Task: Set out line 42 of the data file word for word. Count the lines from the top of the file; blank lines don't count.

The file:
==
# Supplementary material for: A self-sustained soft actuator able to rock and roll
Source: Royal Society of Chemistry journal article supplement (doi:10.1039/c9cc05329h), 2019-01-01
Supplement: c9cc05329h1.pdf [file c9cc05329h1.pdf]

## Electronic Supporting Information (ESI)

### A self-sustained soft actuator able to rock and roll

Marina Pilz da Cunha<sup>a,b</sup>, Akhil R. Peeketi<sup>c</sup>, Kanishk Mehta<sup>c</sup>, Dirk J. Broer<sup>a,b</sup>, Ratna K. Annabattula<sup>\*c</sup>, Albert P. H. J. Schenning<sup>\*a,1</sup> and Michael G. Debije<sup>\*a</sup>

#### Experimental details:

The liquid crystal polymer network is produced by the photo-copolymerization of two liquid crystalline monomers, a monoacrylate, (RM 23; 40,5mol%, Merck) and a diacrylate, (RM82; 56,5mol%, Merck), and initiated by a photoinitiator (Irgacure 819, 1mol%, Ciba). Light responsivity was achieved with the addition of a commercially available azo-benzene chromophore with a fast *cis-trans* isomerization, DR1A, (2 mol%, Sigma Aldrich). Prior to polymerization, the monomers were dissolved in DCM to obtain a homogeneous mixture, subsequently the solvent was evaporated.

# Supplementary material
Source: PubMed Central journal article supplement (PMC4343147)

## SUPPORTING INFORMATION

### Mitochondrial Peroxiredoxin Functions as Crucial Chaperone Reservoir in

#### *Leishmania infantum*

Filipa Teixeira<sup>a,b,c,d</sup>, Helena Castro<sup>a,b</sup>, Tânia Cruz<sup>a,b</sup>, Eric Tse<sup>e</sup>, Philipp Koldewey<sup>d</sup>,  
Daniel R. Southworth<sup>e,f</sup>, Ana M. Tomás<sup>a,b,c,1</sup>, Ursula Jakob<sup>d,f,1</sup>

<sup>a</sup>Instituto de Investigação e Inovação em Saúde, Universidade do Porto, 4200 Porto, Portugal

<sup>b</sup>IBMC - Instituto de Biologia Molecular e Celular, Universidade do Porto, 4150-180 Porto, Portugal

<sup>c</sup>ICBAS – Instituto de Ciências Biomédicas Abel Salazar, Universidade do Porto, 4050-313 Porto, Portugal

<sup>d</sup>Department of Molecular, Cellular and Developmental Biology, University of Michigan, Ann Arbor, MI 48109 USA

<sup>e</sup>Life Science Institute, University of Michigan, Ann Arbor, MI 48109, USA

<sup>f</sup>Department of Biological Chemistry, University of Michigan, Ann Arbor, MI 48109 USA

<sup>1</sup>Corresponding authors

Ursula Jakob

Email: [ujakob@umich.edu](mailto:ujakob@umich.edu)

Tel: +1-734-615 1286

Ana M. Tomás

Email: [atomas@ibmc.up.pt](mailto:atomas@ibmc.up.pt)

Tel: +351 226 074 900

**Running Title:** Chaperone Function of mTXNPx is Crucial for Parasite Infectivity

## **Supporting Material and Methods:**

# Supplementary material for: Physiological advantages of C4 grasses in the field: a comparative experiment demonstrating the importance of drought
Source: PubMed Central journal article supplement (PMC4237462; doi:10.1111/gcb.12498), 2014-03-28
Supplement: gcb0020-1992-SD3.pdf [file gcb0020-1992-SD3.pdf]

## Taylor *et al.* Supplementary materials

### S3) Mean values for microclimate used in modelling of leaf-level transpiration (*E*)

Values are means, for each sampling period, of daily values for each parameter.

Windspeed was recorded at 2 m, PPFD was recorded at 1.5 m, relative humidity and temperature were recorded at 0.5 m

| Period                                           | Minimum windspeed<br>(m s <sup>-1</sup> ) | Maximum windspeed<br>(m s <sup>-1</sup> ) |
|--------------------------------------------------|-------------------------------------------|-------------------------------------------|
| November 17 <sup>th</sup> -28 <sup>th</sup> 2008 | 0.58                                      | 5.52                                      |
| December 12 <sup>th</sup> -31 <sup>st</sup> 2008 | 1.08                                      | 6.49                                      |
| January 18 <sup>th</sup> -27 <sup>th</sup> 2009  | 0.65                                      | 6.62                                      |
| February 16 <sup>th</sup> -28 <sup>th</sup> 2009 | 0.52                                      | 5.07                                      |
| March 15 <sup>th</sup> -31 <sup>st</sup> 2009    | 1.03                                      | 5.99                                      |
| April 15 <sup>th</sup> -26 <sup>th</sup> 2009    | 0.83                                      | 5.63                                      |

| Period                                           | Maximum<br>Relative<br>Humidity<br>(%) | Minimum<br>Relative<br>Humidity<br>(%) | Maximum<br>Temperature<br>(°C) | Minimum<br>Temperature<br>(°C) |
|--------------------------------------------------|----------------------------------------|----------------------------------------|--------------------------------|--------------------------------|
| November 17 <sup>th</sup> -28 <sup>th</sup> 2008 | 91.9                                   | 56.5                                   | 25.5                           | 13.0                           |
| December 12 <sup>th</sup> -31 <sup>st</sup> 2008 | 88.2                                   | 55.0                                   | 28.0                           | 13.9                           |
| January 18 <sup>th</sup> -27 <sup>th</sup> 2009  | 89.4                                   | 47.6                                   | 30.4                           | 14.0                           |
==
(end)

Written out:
| January 18 <sup>th</sup> -27 <sup>th</sup> 2009  | 0.65                                      | 6.62                                      |